in conversation with Alan Tudyk

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The great Alan Tudyk chats with us about his character’s death in Serenity, the many ways that he killed his wife in Premature (which is available on VOD now), the way Stephen Colbert radiated genius on the set of Strangers with Candy , working on Dollhouse and the teamwork that goes into motion capture performances.

Listen to the podcast for the whole glorious interview, but if you’re a slacker or further in need of convincing, check out these excerpts from our exclusive interview with Alan Tudyk.

Alan Tudyk on the appeal of working on Premature:

I was in the process of shooting 42 when I got this script and I was in the middle of… I think it was right around the time when we were shooting all of the scenes where I’m cussing at Jackie Robinson and calling him every racial epithet in the book. So, I got the script and it was so funny and ridiculous and it was exactly what I wanted to do as a contrast to what I was currently doing. It also gave me an opportunity to cry, which I felt like doing a lot when I was doing 42. Only because, being involved with hate speech on a daily basis and playing such an asshole really starts to get to you. It really affects you.

On whether he took on a mentor role with the young cast of Premature:

I don’t know if I was a mentor to them, I certainly didn’t try. I mean, I suggested that I take John Karna out to a strip club to show him what it was like to see ladies and what women were all about but he said he already knew and called me a perv. We never made it.

Described as both a sex comedy and and something inspired by Groundhog Day, we asked Tudyk whether it was a challenge to sum Premature up with a bite sized description:

I think it always is, and the easier it is the worse off you are. Usually. Well, maybe not… well, maybe so. But, I think it is a nice surprise for people who go in expecting it only to be one thing and then they get the surprise of it actually being a sweet movie that has premature ejaculation at the center of it. It’s an accomplishment, for sure. (Laughs) So many negative feelings surround premature ejaculation, and to have a sort of a kind warm feeling is a nice change.

[…] I know my mom saw it and she’s not somebody who likes raunchy comedies — and she saw it because I was in it — but she was pleasantly surprised by the end of it. She was the one who I first heard call it “sweet”. Which was shocking and nice. Nice to hear.

Tudyk on whether he tried to beg or bribe Joss Whedon to not kill his character in Serenity:

No, I didn’t. Maybe I should have. I think he would have been happy to have not killed me now. Just because, he said that. That’s why I think it. When we did the 10 year anniversary at Comic Con, he mentioned that if he had to do it all over again, he wouldn’t have killed anybody, as far as on the crew — since there are a couple of people who die in the movie — and I think that’s because he didn’t anticipate that it would have such a following still to this day. You know, it’s still very popular. People are still finding it and watching it for the first time. I meet a lot of young teenagers whose parents loved it, who then shared it with them and now they love it with the same passion. So I think that’s why he made that comment — that he would change the fate of Book and Wash if he could.

Tudyk (who did the motion capture performance for Sonny in I, Robot) talks about motion capture and the conversation about who is responsible for these performances — the actor, the animators or both:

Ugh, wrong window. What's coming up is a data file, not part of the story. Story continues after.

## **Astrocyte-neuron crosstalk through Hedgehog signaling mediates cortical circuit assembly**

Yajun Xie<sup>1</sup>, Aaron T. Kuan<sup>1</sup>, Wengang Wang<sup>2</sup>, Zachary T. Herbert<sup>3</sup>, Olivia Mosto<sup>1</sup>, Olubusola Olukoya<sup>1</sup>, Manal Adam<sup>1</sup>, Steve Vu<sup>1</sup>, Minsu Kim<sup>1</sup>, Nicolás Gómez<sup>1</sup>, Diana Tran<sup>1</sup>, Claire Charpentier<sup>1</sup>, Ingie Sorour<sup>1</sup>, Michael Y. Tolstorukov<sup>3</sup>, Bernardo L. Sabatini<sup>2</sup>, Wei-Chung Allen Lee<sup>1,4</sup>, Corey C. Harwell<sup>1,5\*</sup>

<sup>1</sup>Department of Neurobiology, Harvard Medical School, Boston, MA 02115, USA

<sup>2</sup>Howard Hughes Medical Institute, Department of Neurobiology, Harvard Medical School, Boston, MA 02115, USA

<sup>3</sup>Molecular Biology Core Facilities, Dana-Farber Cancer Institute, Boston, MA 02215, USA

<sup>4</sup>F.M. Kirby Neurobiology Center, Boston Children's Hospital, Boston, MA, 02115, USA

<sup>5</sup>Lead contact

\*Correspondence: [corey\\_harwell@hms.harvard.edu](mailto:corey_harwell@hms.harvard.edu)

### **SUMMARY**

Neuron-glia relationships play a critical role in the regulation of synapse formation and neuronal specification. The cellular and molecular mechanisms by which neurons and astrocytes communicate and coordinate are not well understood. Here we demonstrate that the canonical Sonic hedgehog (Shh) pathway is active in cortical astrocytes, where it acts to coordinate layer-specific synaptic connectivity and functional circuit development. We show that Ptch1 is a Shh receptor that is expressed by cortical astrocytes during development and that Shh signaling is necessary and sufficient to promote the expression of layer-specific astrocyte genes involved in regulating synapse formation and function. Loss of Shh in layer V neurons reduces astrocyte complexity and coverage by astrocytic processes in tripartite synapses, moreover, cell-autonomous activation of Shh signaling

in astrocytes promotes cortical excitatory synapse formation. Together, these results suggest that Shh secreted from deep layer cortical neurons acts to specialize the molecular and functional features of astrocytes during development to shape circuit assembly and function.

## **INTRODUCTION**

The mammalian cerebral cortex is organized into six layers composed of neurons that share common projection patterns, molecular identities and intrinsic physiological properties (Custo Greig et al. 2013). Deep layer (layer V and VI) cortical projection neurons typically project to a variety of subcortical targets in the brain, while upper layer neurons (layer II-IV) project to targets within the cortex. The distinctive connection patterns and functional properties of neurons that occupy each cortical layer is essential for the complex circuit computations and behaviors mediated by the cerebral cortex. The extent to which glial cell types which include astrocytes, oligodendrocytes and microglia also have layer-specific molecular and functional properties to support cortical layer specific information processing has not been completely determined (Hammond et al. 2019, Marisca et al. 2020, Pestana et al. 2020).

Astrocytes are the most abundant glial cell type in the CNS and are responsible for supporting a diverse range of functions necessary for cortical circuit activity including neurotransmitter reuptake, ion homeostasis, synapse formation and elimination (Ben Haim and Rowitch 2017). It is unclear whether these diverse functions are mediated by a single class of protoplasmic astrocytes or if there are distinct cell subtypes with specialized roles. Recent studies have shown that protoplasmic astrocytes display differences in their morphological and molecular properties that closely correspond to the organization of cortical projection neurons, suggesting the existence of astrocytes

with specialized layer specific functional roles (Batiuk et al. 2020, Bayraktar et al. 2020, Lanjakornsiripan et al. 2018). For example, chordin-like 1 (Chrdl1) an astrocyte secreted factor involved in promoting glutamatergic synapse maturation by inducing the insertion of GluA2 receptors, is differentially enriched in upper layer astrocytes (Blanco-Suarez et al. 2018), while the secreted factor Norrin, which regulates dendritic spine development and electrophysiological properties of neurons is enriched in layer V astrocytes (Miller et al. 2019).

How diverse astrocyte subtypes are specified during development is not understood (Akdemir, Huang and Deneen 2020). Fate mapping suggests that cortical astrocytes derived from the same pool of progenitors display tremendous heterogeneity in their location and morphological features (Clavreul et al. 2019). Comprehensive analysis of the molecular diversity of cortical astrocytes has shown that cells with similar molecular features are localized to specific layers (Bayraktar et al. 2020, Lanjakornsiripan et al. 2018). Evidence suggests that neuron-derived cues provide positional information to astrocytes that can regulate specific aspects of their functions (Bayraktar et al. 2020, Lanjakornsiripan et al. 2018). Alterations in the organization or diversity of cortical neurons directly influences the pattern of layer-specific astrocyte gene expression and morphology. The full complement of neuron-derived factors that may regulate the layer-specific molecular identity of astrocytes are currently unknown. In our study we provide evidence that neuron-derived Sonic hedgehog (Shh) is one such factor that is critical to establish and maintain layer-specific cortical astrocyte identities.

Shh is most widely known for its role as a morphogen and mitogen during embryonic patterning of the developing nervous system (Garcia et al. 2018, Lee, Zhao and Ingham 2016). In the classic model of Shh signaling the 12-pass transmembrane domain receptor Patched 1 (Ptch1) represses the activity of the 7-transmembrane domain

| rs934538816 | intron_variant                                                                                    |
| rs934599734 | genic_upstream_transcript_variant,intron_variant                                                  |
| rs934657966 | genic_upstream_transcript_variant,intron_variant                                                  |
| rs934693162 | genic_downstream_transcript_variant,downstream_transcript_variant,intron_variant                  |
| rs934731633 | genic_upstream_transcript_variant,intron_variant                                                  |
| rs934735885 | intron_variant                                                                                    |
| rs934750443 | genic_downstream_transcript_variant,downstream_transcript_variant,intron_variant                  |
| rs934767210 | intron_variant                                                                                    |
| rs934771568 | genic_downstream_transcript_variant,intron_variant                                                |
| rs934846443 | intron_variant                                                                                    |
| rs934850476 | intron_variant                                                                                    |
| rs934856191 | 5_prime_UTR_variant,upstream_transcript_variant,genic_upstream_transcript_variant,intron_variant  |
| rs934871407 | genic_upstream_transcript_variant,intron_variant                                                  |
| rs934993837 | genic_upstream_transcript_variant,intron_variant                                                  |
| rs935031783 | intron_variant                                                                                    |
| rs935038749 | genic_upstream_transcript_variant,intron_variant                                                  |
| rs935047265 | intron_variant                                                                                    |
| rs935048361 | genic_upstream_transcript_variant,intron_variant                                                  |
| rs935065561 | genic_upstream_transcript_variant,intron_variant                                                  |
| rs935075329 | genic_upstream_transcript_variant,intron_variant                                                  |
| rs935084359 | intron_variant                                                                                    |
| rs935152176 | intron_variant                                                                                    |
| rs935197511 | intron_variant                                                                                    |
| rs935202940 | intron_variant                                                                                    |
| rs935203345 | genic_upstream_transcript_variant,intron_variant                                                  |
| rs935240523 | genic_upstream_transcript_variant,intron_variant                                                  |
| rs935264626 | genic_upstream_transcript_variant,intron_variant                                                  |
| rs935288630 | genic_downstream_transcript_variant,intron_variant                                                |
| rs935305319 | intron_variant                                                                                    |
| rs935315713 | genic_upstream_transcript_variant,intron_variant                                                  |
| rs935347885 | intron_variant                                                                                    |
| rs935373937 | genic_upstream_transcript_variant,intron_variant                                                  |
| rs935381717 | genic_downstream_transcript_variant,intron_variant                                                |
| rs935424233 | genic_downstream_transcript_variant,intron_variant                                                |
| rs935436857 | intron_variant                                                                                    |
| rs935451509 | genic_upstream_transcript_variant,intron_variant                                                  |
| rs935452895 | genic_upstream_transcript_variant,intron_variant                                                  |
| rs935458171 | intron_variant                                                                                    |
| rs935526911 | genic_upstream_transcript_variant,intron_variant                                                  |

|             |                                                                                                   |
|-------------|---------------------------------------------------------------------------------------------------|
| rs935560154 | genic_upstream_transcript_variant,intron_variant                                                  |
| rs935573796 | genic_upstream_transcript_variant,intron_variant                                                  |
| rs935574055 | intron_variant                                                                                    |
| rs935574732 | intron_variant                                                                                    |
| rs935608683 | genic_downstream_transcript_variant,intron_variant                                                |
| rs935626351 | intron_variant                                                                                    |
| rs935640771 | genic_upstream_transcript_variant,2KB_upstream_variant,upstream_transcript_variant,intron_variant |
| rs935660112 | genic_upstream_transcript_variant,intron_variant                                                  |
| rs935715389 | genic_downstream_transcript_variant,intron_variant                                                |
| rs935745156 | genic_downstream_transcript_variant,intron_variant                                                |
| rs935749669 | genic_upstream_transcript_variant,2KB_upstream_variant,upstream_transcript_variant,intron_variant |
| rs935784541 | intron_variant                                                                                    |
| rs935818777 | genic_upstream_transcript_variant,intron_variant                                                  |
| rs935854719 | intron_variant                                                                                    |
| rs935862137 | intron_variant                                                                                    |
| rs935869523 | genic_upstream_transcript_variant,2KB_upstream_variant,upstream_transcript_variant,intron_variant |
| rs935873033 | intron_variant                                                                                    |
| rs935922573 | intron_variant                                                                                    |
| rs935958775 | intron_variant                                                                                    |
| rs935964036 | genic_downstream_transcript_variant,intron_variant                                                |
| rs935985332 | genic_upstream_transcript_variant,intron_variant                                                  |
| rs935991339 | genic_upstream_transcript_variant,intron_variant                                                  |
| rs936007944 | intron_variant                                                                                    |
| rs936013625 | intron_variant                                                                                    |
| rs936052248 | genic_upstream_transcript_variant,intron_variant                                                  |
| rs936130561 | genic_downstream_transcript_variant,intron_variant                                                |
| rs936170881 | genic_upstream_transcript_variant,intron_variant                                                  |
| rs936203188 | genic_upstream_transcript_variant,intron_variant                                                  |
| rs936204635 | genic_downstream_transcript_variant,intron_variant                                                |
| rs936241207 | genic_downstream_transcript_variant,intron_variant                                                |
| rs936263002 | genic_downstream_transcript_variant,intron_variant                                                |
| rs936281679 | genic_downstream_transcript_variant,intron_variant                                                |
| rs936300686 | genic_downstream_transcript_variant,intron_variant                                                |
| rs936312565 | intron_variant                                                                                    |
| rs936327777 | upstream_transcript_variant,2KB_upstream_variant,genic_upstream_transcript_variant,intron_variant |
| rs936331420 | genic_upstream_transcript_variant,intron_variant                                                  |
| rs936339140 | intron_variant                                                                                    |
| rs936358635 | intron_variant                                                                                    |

I thought about this a lot after doing I,Robot and it is… I feel like, if somebody wants to give a motion capture actor an award or they are moved by their performance, to consider them for an award those people who are considering them and voting on them should watch the movie without the animation added and you will get their performance. But once the animation is added, it is no longer solely that person’s interpretation of the role. It’s an interpretation of their interpretation. And they take license — because they can and because they have to to make it the best movie — with your performance.

There are limits to the digital animation, there are benefits to the digital animation. Either way, it’s not the performer. If they move your eyeballs from left to right, to help in a scene because they want to push focus there in the scene, because it helps the edit, it’s no longer your performance. It’s not you. It’s somebody else, they’re moving you like a puppet. And it doesn’t mean that the brilliant performance can’t lie at the core of The Planet of the Apes. Andy Serkis is amazing, he’s an amazing motion capture actor. And, I feel like I hear his name most of all. He’s like the one guy that everybody knows because he’s really been exposed — his work behind the animation — like, you’ve seen pieces of him working. And if people were able to see the whole performance, then I think some awards should be given out. I hope. But if you wanted to give an award based on what you see in the final product, it has to be a shared award between the motion capture actor and the thousand people who worked on it. Because it’s an army of people. You know, you aren’t even there for some of it. Because that’s… not because they’re cutting you out, but because they’re making the best movie that they can and it’s technology that doesn’t always need the actor.

For more about improv on the set of Premature, the worth of Hoban Washburne’s death, how Firefly would fare if it were on the air now and working on both Dollhouse and Strangers with Candy listen to the above podcast… because that’s why it’s there.

If you’d like to check out Premature, go to your VOD provider of choice and order it now. It’s pretty damn good.